Who wins Berchelt vs. Valdez? Visit SportsLine now to see Peter Kahn's best bets for Saturday, all from the fight game manager who is 32-7 on boxing picks since the sport returned, and find out.
There's no other way to say it: this is going to be a war. Although Valdez is often too quick to abandon his game plan and brawl as soon as the action starts to heat up, he has long proven to be a fighter who thrives within chaos. And luring Berchelt into the chaos with him early on just might end up being Valdez's best chance of winning.
The combination of Berchelt's reach advantage and his punishing jab will likely make it difficult for Valdez to win the majority of rounds by boxing. If he can't hurt Berchelt and finds himself chasing for too long, the outcome will likely be the same.
Berchelt has long been comfortable playing the matador to the bull and catching his lesser-skilled opponents coming in by using their desperation against them. That's why it's imperative that Valdez establish his presence early and have some big moments in order to force the champion to adapt.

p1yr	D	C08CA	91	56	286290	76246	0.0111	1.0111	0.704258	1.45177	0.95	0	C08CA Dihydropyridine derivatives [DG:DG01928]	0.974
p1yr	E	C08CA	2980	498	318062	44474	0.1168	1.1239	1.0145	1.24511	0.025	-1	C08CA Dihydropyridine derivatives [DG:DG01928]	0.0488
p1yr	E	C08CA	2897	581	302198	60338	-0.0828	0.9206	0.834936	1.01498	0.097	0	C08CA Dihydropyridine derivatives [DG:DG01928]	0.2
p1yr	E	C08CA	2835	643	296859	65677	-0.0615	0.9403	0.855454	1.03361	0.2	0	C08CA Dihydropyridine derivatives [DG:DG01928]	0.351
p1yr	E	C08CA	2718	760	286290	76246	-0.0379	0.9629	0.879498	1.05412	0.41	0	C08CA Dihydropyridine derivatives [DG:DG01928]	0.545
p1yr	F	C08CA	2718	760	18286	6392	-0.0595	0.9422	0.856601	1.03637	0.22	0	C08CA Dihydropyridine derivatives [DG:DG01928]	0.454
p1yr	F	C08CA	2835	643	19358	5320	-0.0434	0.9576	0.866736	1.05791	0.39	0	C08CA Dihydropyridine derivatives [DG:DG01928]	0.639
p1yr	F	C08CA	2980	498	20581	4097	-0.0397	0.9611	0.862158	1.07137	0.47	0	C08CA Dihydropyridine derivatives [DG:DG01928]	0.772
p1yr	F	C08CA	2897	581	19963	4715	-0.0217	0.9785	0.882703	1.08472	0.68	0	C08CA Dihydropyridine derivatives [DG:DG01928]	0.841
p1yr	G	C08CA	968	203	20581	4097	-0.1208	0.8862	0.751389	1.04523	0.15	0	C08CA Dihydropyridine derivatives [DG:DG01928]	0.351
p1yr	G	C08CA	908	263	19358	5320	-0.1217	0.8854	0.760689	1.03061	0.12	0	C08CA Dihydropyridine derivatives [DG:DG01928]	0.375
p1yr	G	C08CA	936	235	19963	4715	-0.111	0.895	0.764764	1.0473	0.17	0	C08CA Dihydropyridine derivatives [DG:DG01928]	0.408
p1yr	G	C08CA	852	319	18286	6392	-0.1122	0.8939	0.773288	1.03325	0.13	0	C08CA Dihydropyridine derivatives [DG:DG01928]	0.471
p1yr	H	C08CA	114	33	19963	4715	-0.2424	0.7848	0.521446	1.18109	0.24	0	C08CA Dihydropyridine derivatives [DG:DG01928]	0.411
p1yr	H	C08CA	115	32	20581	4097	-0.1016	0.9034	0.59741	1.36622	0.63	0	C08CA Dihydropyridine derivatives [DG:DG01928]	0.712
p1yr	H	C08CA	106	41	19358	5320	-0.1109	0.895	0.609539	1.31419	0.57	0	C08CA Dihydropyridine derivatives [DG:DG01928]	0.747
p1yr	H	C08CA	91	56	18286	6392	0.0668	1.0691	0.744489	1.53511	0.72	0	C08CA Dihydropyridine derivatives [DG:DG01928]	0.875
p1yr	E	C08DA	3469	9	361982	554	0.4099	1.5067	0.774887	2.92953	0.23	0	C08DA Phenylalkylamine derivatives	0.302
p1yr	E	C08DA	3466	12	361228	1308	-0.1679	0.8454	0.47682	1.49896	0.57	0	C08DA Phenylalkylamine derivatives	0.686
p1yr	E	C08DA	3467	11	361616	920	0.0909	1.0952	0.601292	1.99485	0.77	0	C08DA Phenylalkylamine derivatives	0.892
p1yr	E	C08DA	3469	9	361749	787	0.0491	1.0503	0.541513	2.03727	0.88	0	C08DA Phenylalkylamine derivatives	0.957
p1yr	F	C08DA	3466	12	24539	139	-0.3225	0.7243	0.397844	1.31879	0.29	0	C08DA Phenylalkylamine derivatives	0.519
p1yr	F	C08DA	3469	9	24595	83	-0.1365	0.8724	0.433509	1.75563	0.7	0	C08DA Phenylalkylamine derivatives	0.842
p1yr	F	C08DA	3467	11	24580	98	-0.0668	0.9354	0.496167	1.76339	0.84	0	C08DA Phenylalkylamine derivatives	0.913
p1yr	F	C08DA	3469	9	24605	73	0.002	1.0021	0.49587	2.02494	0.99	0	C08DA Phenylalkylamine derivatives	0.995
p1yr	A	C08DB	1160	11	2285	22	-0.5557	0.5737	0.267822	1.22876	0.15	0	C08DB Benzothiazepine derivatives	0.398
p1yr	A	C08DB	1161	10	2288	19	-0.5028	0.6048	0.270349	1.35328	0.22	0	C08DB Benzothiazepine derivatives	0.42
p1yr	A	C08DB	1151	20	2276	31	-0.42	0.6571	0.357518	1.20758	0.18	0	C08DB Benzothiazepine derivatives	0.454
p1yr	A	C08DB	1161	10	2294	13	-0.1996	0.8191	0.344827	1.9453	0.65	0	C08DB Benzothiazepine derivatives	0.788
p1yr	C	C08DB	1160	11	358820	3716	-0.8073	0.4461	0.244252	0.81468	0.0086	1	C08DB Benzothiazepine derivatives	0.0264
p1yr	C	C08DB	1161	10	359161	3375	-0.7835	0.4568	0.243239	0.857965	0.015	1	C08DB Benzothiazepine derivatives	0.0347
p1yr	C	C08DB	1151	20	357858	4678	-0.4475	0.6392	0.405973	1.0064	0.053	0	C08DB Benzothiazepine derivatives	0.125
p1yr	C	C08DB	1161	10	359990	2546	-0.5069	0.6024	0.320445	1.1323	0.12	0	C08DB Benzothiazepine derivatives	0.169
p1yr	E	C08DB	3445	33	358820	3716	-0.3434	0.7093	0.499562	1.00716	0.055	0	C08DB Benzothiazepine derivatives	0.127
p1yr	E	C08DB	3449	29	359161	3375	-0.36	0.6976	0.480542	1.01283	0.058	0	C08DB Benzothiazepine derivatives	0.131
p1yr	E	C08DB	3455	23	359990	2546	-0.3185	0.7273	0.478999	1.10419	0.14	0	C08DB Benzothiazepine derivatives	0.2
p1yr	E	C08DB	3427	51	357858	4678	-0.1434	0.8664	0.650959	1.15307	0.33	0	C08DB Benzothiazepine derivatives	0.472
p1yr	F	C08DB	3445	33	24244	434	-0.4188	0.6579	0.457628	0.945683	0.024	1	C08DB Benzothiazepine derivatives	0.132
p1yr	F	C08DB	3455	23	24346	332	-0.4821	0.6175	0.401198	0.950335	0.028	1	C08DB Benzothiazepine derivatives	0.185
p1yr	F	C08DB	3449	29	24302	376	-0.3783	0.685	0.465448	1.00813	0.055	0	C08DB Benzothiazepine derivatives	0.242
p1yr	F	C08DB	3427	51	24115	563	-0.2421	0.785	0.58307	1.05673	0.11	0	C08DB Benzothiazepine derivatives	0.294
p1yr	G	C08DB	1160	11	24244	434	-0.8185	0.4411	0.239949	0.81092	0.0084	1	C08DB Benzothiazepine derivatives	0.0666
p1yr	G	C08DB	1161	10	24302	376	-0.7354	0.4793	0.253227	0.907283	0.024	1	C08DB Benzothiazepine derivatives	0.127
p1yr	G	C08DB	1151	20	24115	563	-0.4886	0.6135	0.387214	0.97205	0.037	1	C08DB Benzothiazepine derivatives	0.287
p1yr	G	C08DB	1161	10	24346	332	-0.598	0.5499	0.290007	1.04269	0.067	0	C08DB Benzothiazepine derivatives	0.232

It's a tightrope walk that won't be easy, which is why the odds are against Valdez as Berchelt is accurate and powerful enough to make him pay for overstepping his boundaries. But it's equally hard to imagine a Valdez fight going any other way because living on the edge is what brings out the best of him.
Expect the fight to come fairly close to living up to its all-action potential, with Valdez playing his part well enough to make it a two-way war. Berchelt's accuracy and poise has routinely been too much for his foes to handle, however, making a stoppage win on cuts a very likely scenario. Pick: Berchelt via TKO10